Valence Electron

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Brice McKeown 3D
Posts: 35
Joined: Fri Sep 28, 2018 12:25 am

Valence Electron

Postby Brice McKeown 3D » Sat Nov 03, 2018 11:17 pm

I have a question on the problem 2A.1 from the seventh edition... why when asked to give the number of valence electrons (including d electrons) does Sb have 5 valence electrons when it has 10 electrons in the 4d shell.... and then Mn has 7 and you include its d block electrons? Why do some include d block electrons but not others?

Venya Vaddi 1L
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Joined: Fri Sep 28, 2018 12:16 am
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Re: Valence Electron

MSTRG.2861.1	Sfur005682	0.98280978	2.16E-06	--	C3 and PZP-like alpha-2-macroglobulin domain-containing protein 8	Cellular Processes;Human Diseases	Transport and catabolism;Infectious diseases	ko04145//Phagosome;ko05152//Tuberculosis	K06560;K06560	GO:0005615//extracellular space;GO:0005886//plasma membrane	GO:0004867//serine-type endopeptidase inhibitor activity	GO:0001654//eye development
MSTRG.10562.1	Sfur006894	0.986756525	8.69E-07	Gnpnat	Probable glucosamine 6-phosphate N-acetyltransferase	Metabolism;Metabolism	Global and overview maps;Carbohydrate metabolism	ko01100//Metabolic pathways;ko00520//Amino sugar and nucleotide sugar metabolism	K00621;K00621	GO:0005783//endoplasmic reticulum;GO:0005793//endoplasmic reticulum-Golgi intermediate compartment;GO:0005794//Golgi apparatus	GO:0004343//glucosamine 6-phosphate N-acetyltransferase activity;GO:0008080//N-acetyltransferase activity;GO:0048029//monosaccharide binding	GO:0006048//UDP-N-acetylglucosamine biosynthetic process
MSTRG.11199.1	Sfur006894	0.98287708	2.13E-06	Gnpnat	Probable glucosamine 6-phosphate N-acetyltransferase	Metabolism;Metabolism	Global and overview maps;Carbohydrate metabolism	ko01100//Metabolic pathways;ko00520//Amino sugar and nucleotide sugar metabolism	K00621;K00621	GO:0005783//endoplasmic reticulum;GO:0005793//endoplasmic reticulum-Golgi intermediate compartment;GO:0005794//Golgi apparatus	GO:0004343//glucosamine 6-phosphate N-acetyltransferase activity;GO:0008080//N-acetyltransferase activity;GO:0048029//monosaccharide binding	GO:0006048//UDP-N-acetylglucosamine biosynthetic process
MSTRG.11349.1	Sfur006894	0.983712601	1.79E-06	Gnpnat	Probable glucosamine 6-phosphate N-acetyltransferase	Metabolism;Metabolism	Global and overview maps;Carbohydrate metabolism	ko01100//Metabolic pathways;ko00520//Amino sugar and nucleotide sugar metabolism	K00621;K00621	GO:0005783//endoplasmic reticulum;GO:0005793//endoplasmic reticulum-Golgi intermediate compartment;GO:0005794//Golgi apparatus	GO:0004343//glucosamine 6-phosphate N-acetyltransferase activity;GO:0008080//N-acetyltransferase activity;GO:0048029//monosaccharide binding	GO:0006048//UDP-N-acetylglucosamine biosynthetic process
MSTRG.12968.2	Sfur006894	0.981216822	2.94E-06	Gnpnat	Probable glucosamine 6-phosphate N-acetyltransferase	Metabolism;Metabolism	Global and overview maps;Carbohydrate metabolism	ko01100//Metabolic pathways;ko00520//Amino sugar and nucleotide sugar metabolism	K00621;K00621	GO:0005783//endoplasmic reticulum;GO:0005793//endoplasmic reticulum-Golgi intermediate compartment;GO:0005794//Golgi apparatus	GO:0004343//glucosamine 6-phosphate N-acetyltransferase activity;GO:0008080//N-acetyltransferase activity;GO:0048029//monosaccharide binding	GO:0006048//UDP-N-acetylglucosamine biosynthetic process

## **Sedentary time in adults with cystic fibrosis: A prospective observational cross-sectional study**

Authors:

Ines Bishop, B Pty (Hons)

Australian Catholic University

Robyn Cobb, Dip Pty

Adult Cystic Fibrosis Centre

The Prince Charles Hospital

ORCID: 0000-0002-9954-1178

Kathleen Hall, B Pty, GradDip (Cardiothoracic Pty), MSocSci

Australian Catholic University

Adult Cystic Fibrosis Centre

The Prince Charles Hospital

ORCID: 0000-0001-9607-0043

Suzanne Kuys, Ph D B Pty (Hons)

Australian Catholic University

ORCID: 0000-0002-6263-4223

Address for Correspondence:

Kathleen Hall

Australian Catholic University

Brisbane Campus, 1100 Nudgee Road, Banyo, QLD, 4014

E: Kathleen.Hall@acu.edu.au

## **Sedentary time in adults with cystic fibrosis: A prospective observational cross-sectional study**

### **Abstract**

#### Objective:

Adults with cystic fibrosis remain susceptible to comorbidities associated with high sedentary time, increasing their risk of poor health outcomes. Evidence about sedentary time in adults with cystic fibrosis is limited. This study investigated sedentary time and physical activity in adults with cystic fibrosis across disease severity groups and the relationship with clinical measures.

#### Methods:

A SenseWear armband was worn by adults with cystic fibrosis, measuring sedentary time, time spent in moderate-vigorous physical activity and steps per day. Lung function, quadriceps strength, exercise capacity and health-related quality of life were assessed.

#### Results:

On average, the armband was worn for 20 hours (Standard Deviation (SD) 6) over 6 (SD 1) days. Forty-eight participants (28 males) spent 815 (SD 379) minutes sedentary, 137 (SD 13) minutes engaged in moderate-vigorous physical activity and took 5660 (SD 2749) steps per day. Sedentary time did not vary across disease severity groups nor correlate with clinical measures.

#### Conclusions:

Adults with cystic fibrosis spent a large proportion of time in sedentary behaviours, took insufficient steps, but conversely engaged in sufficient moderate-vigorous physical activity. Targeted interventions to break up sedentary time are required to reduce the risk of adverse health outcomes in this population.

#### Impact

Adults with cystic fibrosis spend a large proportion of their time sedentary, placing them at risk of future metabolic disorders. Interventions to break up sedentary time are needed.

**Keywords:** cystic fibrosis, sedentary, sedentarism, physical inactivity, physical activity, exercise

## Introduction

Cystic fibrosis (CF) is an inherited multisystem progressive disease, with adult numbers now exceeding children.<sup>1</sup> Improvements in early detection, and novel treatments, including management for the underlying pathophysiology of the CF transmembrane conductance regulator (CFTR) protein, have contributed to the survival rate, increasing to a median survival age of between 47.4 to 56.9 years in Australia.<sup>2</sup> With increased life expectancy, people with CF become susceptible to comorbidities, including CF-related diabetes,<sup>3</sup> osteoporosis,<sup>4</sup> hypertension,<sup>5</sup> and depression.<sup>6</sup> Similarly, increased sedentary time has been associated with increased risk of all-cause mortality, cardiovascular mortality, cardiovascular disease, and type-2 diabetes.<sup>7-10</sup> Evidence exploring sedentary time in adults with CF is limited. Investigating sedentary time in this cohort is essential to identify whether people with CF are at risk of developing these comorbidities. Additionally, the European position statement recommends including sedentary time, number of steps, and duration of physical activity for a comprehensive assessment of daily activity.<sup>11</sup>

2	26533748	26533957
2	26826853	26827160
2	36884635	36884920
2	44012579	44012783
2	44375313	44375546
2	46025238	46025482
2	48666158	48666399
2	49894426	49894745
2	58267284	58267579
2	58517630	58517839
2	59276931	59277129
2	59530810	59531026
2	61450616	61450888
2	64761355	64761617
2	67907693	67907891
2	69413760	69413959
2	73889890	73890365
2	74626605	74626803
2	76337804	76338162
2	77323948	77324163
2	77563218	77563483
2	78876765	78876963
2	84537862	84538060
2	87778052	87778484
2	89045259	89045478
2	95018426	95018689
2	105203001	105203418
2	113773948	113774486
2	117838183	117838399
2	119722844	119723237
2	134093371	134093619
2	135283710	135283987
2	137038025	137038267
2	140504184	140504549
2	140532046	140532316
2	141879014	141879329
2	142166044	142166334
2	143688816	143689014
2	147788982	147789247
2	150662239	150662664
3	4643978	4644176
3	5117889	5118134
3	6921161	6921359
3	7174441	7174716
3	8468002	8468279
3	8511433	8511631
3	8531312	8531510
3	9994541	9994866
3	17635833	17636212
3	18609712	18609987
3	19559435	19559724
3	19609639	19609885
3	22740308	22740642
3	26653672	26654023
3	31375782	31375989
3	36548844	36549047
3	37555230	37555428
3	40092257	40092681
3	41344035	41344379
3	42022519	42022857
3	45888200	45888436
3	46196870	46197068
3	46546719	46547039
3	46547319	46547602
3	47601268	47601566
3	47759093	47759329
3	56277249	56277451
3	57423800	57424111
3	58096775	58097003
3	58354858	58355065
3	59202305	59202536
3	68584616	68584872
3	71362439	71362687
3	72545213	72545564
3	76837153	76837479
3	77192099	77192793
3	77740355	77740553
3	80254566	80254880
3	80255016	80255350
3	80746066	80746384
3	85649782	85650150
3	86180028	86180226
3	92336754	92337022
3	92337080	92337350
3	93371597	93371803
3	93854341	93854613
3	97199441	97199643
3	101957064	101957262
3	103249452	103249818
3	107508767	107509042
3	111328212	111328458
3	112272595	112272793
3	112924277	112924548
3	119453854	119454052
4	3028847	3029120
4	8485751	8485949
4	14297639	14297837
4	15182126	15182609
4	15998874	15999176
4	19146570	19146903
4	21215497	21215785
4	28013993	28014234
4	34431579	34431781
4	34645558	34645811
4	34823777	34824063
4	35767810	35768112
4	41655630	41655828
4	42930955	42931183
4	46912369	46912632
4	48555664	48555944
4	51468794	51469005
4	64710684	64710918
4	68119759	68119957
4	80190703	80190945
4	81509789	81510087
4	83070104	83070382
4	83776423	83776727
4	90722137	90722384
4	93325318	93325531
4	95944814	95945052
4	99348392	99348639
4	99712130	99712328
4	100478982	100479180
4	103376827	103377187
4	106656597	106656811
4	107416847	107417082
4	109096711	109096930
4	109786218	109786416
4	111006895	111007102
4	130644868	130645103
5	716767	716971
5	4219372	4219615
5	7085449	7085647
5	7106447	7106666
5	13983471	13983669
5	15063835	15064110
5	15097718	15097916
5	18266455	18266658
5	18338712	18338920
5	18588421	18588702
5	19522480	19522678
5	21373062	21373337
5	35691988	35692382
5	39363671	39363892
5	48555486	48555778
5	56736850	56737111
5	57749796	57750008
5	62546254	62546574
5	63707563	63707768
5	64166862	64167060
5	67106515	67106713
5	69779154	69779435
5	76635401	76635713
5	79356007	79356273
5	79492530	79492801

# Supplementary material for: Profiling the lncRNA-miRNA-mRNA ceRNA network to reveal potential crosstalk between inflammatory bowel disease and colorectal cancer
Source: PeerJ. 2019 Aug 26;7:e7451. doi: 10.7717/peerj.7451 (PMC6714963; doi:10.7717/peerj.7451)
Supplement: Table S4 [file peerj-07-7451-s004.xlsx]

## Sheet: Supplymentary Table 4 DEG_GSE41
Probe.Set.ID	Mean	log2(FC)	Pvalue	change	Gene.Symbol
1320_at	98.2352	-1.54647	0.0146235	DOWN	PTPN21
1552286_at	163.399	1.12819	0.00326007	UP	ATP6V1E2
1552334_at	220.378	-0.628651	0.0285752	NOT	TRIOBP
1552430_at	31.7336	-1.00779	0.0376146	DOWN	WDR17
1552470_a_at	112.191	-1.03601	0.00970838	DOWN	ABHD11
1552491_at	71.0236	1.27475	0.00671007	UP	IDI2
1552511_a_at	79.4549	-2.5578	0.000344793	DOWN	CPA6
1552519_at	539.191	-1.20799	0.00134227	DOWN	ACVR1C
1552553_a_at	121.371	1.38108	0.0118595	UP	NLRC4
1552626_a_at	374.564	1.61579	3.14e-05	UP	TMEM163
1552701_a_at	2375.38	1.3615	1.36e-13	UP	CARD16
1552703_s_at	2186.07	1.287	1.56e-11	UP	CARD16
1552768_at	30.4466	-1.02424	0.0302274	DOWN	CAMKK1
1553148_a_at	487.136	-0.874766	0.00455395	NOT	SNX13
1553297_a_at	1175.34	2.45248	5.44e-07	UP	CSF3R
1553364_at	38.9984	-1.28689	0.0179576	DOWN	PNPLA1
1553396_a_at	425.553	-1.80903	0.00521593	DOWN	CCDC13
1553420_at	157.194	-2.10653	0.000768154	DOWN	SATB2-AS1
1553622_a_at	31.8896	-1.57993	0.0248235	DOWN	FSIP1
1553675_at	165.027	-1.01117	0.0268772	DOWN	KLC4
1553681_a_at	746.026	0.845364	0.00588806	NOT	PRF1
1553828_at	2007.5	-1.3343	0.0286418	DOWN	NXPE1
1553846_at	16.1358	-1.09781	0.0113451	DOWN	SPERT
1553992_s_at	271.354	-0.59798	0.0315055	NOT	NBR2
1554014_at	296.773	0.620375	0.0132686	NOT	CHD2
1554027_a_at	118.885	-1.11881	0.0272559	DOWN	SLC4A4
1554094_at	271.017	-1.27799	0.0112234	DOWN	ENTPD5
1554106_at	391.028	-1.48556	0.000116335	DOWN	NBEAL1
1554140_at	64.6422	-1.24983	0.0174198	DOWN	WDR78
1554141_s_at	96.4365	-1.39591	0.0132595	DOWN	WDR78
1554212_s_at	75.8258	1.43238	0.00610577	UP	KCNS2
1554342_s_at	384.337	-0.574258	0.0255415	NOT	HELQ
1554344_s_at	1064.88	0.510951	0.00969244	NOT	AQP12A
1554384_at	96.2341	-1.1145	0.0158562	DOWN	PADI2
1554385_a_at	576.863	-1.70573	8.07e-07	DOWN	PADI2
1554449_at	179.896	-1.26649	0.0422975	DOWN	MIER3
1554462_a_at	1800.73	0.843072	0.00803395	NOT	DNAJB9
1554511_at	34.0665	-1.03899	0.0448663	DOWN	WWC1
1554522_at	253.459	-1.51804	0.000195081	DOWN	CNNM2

Postby Venya Vaddi 1L » Sun Nov 04, 2018 8:37 am

The electron configuration for Sb is [Kr]4d105s25p3. The valence electrons are the electrons in the outermost shell. In the case, the outermost shell is n=5. Thus, the valence electrons are the five electrons in 5s and 5p.

Since 4d is completely filled in Sb they are not valence electrons. 3d is not completely filled in Mn while 4s is, so the valence electrons in Mn come from both 3d and 4s, adding up to 7 valence electrons.

Ivan Tadeja 4B
Posts: 31
Joined: Fri Sep 28, 2018 12:28 am

Re: Valence Electron

Postby Ivan Tadeja 4B » Sun Nov 04, 2018 8:22 pm

The big concept behind valence electrons are that they are ones in the orbitals furthest out and unfilled. 5s^2 and 5p^3 are not filled orbitals and therefore the number of valence electrons for the element Sb = 5.

For Mn, the electron configuration would be [Ar]3d^5 4s^2. In this case as Venya said, since the 3d and the 4s orbitals are not filled, and therefor the amount of valence electrons is the combination of electrons in both of these orbitals.


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